3 min

Why gays should worry about policing pregnancy

Our mantra has always been: our bodies, our choices

My friend Pam, who is pregnant with twins, delights in making strangers squirm when she’s out at a bar. She orders alcohol-free beer and drinks it out of the bottle, eliciting glares from other patrons who are convinced that she’s harming her future children.

No one has dared to confront her yet, but if they do, Pam plans to tell them where to go. Because since she’s become pregnant, she’s noticed that random strangers seem to feel entitled to give her advice on everything from fashion to nutrition. Her body has become a source of public debate — one in which she never consented to participate.

If a private member’s bill called the Unborn Victims of Crime Act makes it into law, pregnant women like Pam could find all of their choices scrutinized — and possibly criminalized. Because the bill, sponsored by Conservative MP Ken Epp, would grant legal “personhood” to fetuses, setting a precedent that could significantly chip away at women’s reproductive freedom.

In the United States, similar laws also criminalize pregnant women for activities that could be deemed harmful to the fetuses they’re carrying. And this should make all queers quake in their boots — even those who have no intention of procreating.

The gay and lesbian community has a long history of fighting laws that interfere with consensual activity between adults. Whether this has meant fighting for the decriminalization of anal sex, protesting bathhouse raids, or defending the rights of people to satisfy their kinks, queers have always maintained that people have agency over their own bodies.

We’ve also spent many years debunking policies that purport to “protect children,” but are really used as a blanket excuse to discriminate against the queer and trans community.

In the 1980s, gay activists organized furious opposition to Anita Bryant’s visit to Canada, exposing her Save Our Children campaign for what it was — a blatant effort to repeal legislation in Florida that prohibited discrimination based on sexual orientation.

Epp’s bill uses similar terminology, playing to the genuine outpouring of grief and outrage that the murder of a pregnant woman elicits. Proponents of the bill argue that existing laws do not sufficiently punish murderers for killing both a woman and her fetus. But they ignore the fact that current sentencing provisions do take these kinds of circumstances into account. And given that in Canada, life sentences are generally served concurrently, this bill would make little or no difference in the amount of time that perpetrators spend in jail.

But where this bill would make a significant difference, is in the constitutional rights of pregnant women. Similar laws have been passed in 37 US states, and have led to jaw-dropping instances of pregnant women being thrown in jail for being unable to kick an addiction or leave an abusive spouse.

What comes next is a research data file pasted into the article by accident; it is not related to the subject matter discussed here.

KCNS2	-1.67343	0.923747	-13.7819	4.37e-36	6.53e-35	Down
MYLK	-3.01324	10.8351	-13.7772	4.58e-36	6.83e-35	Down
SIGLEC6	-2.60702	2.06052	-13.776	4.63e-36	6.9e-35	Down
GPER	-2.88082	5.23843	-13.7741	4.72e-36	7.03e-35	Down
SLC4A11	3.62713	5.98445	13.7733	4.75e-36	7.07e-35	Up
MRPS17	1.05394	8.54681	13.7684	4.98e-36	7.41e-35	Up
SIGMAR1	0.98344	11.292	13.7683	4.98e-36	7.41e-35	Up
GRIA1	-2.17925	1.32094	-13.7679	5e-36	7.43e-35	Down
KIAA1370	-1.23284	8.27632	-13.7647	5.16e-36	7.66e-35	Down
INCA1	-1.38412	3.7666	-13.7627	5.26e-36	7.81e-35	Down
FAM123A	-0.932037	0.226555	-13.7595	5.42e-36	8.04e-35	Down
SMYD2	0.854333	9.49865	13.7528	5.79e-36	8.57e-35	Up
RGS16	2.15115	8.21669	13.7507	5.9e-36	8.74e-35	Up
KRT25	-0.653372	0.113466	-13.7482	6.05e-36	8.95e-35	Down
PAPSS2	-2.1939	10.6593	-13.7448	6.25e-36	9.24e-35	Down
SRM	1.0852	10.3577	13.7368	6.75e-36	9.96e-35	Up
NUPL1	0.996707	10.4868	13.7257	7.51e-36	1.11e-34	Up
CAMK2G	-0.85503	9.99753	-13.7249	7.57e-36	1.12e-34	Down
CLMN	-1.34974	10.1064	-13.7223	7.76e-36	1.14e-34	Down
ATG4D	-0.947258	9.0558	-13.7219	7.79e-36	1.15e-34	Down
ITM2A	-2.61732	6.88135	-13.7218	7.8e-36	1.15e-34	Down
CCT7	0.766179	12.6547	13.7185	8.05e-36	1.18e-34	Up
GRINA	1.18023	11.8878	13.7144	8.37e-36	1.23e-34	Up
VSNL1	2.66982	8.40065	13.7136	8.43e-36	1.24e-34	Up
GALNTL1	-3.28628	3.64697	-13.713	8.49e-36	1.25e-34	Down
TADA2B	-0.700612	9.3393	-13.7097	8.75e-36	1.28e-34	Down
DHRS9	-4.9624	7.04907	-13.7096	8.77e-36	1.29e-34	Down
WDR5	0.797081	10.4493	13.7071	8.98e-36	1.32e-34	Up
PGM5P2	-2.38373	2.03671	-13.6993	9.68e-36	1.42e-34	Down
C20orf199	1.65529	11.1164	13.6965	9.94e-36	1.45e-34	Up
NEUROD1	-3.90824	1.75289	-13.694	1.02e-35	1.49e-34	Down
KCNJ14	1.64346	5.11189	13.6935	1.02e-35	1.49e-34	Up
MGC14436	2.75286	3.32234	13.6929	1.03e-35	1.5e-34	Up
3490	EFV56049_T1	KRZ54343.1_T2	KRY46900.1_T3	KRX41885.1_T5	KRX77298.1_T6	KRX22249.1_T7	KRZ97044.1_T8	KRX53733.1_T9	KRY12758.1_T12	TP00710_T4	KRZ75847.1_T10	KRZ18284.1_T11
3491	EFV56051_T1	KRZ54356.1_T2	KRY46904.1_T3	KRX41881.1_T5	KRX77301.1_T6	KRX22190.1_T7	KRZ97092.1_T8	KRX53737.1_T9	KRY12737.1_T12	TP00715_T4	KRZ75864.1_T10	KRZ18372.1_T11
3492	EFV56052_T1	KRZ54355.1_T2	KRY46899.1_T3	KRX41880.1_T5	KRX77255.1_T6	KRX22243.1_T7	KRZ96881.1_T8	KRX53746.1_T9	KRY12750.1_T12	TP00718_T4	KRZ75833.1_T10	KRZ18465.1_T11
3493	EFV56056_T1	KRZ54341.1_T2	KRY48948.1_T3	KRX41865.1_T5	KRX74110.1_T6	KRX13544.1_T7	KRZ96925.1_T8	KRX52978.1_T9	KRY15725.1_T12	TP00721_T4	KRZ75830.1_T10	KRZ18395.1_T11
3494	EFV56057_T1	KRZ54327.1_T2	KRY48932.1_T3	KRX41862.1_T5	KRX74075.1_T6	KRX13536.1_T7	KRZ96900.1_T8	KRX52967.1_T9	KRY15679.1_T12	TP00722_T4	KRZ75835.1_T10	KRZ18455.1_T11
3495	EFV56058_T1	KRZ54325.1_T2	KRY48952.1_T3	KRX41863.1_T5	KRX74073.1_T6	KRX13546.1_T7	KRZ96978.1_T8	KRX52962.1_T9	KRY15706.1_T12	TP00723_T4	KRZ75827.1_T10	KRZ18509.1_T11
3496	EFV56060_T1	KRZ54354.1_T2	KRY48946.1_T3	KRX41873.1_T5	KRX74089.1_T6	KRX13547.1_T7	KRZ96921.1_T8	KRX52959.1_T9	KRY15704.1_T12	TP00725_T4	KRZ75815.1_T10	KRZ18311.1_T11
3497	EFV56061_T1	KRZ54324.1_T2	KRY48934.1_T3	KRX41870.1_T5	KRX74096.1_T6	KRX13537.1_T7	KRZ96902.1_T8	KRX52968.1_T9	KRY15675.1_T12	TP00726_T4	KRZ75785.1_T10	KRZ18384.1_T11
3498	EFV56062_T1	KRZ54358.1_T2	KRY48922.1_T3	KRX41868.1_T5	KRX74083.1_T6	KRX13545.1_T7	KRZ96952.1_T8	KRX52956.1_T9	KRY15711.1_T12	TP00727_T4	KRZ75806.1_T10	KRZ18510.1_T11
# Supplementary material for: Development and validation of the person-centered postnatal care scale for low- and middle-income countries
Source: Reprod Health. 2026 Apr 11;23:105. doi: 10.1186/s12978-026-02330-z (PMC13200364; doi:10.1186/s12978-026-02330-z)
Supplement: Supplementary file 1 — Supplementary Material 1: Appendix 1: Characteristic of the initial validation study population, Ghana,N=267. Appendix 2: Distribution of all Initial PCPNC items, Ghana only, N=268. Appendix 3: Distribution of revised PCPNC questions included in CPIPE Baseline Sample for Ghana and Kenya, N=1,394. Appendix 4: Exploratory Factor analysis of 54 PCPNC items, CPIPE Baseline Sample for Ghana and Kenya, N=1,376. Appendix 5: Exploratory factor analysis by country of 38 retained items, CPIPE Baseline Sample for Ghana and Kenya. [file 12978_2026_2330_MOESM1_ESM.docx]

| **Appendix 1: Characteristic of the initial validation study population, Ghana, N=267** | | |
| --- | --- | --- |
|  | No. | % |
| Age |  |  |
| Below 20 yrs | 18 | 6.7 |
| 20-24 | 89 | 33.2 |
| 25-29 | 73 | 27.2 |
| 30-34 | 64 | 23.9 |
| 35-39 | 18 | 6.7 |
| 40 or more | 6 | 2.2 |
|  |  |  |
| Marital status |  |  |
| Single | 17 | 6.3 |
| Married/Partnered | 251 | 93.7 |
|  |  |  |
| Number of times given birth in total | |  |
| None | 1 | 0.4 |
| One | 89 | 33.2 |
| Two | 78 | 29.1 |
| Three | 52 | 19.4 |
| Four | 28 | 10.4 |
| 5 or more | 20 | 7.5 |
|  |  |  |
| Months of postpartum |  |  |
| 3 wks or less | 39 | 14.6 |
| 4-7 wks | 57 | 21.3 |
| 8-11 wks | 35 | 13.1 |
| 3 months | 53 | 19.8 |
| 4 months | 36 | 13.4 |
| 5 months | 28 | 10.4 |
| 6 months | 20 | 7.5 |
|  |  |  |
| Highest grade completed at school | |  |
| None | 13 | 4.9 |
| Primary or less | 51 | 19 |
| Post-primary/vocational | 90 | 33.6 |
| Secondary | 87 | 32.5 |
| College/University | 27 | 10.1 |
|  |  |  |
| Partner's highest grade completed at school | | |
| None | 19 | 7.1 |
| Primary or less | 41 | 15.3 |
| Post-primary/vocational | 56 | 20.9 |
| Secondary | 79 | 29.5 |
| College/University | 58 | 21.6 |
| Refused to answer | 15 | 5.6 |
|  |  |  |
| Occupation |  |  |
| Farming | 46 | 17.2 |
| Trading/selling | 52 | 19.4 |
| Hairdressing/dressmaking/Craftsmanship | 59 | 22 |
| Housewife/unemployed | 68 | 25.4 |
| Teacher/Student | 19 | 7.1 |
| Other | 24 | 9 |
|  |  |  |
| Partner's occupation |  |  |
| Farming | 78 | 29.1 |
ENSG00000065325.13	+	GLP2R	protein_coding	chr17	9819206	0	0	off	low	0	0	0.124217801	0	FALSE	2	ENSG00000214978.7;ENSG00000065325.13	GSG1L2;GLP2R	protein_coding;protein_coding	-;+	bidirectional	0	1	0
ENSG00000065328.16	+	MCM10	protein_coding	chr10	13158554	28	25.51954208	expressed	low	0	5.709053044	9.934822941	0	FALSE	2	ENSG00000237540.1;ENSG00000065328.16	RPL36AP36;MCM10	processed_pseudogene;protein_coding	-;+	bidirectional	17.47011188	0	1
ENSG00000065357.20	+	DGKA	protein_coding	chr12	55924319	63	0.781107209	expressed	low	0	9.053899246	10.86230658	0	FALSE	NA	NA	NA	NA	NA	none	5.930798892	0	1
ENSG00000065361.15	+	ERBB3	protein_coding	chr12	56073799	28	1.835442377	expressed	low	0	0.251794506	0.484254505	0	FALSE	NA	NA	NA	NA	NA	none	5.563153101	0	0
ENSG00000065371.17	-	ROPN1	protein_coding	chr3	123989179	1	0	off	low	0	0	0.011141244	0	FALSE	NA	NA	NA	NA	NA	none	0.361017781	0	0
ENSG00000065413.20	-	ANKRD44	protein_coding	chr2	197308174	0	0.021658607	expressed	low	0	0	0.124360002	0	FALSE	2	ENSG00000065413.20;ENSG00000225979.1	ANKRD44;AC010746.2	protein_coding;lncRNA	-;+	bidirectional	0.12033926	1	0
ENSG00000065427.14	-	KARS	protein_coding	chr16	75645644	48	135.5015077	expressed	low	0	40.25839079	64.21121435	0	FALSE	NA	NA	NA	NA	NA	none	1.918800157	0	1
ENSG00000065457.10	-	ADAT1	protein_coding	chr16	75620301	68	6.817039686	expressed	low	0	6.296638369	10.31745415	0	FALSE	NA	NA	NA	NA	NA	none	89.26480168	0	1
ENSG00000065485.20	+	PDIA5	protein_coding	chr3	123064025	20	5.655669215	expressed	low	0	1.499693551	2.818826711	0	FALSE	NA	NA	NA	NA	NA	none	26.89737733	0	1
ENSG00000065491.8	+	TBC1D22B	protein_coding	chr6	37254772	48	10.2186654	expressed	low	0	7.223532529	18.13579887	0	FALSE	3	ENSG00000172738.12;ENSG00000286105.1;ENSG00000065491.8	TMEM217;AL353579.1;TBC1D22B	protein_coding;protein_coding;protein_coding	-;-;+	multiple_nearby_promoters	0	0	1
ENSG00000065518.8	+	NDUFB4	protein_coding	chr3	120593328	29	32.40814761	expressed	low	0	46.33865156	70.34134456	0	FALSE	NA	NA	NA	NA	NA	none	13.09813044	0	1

In a recent editorial in the National Post, abortion rights activist Joyce Arthur wrote, “Under state ‘fetal homicide’ laws, pregnant women are more likely to be punished for behaviours and conditions that are not criminalized for other people, such as drug or alcohol abuse. Women have also been charged or jailed for murder for experiencing a stillbirth after refusing a Caesarean section.

“The worst offender is South Carolina, where dozens of pregnant women with drug abuse problems have been arrested under fetal protection laws, even though they had virtually no access to drug treatment programs.”

While Epp’s bill specifically omits “any act or omission by the mother of the child,” it pointedly doesn’t use the word “fetus.” Instead, it uses the word “child,” which clearly plays to the anti-choice crowd. It also opens the possibility that women’s rights could be placed in competition with the fetuses they’re carrying.

What bad laws like this ignore is the real threat to the health of women and children: domestic violence. Ken Epp’s own website points out that “according to the Canadian Perinatal Surveillance System, women abused during pregnancy were four times as likely as other abused women to report having experienced very serious violence, including being beaten up, choked, threatened with a gun/knife or sexually assaulted.” But despite Epp’s claims, this bill does nothing to address family violence.

As Ottawa blogger and activist Vicky Smallman recently wrote, “Grief, while powerful and painful and often all-consuming, should not be driving legislation.” The Abortion Rights Coalition of Canada agrees, pointing out that the Unborn Victims of Crime “has no rational or evidential basis.” This is awfully like the omnibus crime bill that the Conservatives just managed to ram into law, which raised the age of sexual consent and imposed mandatory minimum sentences for gun crimes for precisely the same reason: to earn voters’ confidence by playing on their fears.

Now that Epp’s bill has made it through second reading, it will go through committee hearings, which will undoubtedly bring every religious fundamentalist out of the woodwork. The queer community has many decades of experience testifying at hearings, and protesting against harmful legislation. This bill has the potential to create a dangerous precedent for state control over our bodies. The battle for queer liberation isn’t only about who and how we fuck. It’s also about standing up for what we know is right — even if it makes some people uncomfortable.